Team:Newcastle/Labwork/25 August 2009


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Formal Lab Session - 25th August 2009

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  • Stochastic Switch Team - carried out mini-preps of the BioBricks BBa_R0062, BBa_R0079, BBa_C0161, BBa_C0179, and BBa_J44000 (set up yesterday) and also carried out digests on Biobrick BBa_C0178 mini-preps

Stochastic Switch team


Goksel analysing the bands seen in the gel photograph

Today we decided we should redo the minipreps from last weeks biobricks using the overnight cultures we set up yesterday. For the miniprep procedure we followed the extra guidelines that Chris advised us about. The final rehydrated plasmid minipreps were put into the -20 freezer in the 'iGEM plasmid minipreps' box. We also did a restriction digest of the two miniprep samples for biobrick C0178 and ran this on a 0.8% agarose gel. This went well, both samples having the fragment sizes expected. Tomorrow we will be carrying out another restriction digest of todays minipreps, however to save time tomorrow, we poured a gel and put it into the fridge ready to load the samples tomorrow. In order to make sure the prepared gel did not dry out, a small amount of 1% TAE was poured onto the gel, which was wrapped in cling film, clearly labelled and put into the fridge.

Restriction digest

Today we did restriction digest for a miniprep prepared for BBa_C0178. We prepared DNa ladder to load to the gels. At the end of the day, we prepared our gel to run tomorrow.We followed the restriction digest protocol for our two miniprep prepared for BBa_C0178 and used the followings to prepare the solutions.

  • H20, 6.5 ul
  • 10x Buffer, 2ul
  • DNA from minipreps, 10ul
  • EcoRI, 0.5 ul
  • PstI, 0.5 ul
  • BSA, 0.5 ul (It was diluted 100 times)

We gave a quick pulse to mix everything in the tubes before we put them into 37C incubator for an hour.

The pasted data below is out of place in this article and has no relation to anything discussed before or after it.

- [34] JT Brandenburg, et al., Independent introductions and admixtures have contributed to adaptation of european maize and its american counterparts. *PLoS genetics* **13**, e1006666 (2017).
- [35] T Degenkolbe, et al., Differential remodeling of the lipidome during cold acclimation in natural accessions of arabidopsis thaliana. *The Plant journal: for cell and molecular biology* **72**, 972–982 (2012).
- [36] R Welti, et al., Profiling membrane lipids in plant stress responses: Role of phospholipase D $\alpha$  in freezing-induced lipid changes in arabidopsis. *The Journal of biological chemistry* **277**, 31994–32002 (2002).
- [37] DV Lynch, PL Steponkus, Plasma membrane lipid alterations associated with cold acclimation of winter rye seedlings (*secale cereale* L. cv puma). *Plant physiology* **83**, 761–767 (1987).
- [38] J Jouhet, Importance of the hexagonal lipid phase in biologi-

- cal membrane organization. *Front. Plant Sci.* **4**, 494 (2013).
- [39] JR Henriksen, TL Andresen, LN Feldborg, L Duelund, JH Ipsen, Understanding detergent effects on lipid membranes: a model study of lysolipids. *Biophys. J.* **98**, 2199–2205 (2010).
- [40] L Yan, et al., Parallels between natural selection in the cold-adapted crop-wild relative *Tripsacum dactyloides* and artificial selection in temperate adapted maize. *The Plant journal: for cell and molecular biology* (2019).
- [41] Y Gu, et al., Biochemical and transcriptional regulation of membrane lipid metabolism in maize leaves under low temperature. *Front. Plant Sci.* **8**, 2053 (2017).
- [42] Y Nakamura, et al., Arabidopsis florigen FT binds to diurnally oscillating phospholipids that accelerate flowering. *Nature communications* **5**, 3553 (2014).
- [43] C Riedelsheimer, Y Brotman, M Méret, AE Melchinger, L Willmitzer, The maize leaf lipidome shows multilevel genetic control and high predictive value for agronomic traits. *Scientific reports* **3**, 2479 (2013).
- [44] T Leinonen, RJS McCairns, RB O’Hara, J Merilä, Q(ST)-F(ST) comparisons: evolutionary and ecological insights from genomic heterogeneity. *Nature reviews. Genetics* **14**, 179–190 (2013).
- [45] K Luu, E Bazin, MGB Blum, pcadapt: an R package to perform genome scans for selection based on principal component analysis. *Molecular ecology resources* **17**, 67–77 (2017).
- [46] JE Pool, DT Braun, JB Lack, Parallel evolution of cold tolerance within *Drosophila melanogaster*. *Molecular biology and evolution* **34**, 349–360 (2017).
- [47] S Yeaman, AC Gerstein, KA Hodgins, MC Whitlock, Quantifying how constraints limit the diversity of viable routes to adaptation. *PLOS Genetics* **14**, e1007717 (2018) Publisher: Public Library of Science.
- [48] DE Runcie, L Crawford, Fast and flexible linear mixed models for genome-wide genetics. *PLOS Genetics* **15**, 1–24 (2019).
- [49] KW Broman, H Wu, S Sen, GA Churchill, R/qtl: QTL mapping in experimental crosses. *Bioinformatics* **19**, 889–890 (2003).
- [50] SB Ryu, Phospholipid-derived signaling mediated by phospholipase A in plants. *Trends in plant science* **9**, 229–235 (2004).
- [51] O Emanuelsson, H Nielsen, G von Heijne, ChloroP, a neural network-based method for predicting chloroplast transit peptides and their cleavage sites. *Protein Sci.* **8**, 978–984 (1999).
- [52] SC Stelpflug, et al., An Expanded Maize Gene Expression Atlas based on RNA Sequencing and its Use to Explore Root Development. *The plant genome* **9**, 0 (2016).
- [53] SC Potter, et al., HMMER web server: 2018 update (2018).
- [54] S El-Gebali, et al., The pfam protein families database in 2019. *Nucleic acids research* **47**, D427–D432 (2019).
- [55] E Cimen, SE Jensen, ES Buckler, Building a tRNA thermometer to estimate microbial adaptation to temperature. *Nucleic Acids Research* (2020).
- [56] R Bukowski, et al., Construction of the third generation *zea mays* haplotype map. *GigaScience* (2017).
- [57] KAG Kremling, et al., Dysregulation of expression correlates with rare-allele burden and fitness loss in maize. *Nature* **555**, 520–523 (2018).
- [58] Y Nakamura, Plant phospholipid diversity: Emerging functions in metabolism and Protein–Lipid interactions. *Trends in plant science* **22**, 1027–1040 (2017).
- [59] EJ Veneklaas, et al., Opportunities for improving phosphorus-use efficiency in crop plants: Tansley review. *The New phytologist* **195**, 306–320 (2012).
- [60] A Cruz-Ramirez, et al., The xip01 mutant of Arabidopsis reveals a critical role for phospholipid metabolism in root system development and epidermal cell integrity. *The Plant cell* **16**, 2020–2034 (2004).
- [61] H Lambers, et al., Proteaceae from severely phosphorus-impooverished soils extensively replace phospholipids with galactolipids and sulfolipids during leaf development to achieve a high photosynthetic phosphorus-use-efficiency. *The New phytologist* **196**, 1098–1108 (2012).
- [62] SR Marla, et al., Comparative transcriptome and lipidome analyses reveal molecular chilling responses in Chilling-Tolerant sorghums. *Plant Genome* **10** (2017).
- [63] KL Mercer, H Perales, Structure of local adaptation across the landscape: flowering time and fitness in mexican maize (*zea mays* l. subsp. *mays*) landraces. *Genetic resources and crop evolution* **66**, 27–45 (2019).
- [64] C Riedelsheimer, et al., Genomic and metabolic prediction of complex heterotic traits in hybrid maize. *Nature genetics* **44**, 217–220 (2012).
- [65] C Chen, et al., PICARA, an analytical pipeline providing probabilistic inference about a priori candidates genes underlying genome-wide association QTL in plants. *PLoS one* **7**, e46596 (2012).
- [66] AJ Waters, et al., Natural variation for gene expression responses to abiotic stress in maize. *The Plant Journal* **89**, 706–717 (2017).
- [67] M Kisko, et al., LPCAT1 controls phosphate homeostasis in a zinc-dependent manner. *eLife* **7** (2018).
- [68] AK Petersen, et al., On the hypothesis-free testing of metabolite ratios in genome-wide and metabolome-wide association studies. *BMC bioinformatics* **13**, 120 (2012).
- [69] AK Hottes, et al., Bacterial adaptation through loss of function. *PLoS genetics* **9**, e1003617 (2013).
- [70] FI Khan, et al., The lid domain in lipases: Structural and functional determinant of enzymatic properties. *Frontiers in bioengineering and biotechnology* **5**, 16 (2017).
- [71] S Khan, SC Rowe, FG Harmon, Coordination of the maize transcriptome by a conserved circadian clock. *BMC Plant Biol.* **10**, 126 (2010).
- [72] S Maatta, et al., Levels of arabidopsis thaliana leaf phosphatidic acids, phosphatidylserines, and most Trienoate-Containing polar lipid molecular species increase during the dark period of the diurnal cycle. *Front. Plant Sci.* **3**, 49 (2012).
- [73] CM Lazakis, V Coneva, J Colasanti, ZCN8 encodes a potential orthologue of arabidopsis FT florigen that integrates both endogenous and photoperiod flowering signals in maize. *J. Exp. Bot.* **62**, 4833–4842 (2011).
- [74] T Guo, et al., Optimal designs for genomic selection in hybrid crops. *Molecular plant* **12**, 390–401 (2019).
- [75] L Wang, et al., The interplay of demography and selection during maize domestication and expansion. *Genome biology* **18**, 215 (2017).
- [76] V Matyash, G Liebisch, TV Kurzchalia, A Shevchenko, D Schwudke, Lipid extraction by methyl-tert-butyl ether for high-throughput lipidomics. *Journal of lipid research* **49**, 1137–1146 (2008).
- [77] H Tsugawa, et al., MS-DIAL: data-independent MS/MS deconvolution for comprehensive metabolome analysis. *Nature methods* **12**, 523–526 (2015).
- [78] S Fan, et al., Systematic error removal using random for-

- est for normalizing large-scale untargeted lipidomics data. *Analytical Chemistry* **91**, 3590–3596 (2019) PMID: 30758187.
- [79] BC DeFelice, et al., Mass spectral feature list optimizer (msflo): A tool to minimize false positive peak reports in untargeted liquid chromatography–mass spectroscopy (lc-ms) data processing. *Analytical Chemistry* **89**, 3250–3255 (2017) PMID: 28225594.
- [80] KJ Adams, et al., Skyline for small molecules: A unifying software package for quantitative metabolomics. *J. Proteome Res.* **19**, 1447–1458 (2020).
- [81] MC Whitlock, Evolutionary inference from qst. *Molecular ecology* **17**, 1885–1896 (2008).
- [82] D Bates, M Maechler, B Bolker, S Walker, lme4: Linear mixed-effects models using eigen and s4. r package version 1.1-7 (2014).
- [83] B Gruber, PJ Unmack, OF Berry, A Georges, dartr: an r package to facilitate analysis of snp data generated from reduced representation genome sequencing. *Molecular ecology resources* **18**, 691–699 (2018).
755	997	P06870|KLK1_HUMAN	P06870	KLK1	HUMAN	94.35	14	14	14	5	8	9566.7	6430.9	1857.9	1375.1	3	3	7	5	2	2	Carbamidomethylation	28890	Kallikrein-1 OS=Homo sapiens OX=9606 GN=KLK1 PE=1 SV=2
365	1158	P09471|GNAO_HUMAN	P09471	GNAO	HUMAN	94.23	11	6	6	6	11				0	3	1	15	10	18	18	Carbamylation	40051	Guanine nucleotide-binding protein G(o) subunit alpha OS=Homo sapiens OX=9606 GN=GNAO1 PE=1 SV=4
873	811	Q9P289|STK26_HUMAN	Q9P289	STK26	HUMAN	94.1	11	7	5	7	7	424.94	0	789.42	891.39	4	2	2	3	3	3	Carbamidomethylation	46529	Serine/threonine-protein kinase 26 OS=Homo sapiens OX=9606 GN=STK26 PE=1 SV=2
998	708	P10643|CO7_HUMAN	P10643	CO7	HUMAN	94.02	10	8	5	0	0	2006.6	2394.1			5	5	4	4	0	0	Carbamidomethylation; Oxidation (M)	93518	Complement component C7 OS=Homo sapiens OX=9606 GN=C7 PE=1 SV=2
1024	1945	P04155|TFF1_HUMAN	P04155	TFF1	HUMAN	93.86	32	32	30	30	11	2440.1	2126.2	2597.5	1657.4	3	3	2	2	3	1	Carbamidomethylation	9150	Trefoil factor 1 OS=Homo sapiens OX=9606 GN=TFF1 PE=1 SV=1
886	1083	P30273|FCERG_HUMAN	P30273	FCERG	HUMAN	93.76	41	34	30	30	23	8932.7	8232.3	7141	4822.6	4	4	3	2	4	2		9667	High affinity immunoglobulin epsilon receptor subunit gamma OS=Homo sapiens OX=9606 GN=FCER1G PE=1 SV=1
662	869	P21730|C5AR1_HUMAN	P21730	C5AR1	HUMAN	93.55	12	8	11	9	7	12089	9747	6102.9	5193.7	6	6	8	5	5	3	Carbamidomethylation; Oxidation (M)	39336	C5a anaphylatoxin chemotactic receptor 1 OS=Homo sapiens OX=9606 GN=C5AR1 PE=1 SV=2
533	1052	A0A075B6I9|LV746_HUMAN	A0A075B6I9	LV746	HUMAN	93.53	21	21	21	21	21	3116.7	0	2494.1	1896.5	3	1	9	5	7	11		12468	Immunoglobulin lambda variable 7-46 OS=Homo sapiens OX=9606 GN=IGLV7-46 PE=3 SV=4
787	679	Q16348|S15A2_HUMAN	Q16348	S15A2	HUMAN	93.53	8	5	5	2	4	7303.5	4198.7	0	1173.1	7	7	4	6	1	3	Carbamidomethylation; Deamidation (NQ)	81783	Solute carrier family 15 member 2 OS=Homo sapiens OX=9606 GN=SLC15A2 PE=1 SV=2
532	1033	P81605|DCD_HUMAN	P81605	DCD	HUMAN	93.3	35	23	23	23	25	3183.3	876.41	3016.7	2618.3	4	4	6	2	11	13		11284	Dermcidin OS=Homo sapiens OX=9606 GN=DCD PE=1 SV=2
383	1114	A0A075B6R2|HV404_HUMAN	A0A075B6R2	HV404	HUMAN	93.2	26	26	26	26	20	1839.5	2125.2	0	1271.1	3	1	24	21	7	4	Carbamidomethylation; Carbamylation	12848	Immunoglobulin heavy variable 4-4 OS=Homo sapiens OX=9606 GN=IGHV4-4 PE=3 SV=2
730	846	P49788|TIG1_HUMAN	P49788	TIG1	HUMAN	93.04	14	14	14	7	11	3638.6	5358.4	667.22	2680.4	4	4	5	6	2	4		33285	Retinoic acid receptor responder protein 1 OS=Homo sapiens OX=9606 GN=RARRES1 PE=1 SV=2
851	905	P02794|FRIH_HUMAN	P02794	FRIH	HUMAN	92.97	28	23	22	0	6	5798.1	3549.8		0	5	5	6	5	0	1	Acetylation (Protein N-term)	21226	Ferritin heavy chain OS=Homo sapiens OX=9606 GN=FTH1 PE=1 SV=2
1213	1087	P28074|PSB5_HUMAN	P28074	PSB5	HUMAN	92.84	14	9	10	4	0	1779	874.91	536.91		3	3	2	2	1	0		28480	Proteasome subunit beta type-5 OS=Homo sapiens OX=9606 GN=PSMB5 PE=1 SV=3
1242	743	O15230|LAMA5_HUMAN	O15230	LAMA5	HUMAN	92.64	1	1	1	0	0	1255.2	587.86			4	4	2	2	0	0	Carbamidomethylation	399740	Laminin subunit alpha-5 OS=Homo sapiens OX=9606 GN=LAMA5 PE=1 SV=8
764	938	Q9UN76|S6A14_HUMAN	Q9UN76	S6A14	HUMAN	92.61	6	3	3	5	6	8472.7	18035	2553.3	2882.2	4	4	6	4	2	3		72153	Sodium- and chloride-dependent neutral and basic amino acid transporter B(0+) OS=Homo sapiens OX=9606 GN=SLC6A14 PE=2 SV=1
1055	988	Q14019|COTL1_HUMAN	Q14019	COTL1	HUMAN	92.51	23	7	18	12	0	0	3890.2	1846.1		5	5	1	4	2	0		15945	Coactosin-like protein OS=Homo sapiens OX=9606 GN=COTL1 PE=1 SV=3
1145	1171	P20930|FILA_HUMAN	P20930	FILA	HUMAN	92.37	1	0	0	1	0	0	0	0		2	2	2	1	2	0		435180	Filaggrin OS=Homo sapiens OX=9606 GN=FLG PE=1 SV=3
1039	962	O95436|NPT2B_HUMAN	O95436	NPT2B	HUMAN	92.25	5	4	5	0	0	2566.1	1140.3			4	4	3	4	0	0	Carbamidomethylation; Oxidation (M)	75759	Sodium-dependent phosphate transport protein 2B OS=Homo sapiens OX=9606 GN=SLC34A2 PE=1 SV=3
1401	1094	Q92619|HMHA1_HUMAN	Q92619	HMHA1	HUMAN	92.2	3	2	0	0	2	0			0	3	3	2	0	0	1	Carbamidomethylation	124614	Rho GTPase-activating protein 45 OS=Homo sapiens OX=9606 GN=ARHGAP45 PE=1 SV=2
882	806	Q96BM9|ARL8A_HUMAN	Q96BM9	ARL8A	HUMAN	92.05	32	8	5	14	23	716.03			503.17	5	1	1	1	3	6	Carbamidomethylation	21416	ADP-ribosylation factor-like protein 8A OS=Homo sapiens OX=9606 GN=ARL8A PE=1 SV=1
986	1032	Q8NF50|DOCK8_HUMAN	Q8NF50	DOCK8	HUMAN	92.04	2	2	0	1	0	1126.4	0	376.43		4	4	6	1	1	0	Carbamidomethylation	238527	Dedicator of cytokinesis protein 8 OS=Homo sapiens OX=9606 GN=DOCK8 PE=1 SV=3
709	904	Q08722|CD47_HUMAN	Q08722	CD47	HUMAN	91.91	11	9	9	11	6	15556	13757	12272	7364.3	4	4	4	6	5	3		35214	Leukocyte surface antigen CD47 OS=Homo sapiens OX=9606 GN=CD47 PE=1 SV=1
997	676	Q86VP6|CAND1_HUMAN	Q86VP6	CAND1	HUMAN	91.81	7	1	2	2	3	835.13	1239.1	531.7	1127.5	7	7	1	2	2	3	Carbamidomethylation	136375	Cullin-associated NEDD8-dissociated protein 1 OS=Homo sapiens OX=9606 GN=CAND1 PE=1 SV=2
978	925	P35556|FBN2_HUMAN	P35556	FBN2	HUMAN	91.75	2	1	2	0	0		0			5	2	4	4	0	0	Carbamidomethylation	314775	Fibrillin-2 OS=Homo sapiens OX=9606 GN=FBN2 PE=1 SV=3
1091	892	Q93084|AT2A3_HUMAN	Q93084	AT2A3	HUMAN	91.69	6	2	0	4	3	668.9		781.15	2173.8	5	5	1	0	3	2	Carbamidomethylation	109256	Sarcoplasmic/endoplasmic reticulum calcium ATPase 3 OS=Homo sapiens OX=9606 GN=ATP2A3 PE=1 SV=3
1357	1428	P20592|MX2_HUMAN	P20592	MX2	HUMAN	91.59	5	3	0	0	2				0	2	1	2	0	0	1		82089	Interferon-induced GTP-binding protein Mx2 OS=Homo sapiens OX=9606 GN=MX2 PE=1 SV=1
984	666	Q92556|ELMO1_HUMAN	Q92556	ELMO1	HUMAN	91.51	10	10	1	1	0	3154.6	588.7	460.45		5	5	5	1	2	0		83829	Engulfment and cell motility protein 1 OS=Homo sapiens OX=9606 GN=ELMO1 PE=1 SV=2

Running the gel

The Stochastic Switch Team's DNA samples undergoing DNA gel electrophoresis

Metal container team had already prepared the gel for us. We placed the gel tray into the gel electrophoresis device and top it up with 1xTAE buffer. 9ul of DNA from each tube is combined with 1ul of buffer and loaded into the wells. DNA ladder was loaded into the 1st and the 4th wells, DNAs were loaded into the 2rd and the 3rd wells. Restriction digest should have cut the plasmid(pSB1A2) into two pieces, plasmid and the the biobrick, from EcoRI and PstI sites. pSB121A2 is 2079bp and BBa_C0178 is 609bp long. As it can be seen from the results below, they match with the HindIII markers.

Team Newcastle iGEM 2009 25-08-09 Gel 1.png

Preparing the DNA ladder

We diluted the Lambda DNA/HindIII marker 10 times with the loading dye as below and placed the tube containing the mix into the fridge

  • 360ul loading dye
  • 40ul Lambda DNA/HindIII

Metal Sensor Team


Mathew preparing the ethanol precipitation of the midi-prep sample

Friday's lab session saw the DNA gel electrophoresis of the mini-preps of the BioBrick BBa_J33206 and it's plasmid pSB1A2; both cut and uncut with restriction enzymes. The previous lab session also saw a midi-prep of the BBa_J33206 BioBrick which was then transferred to the freezer for storage.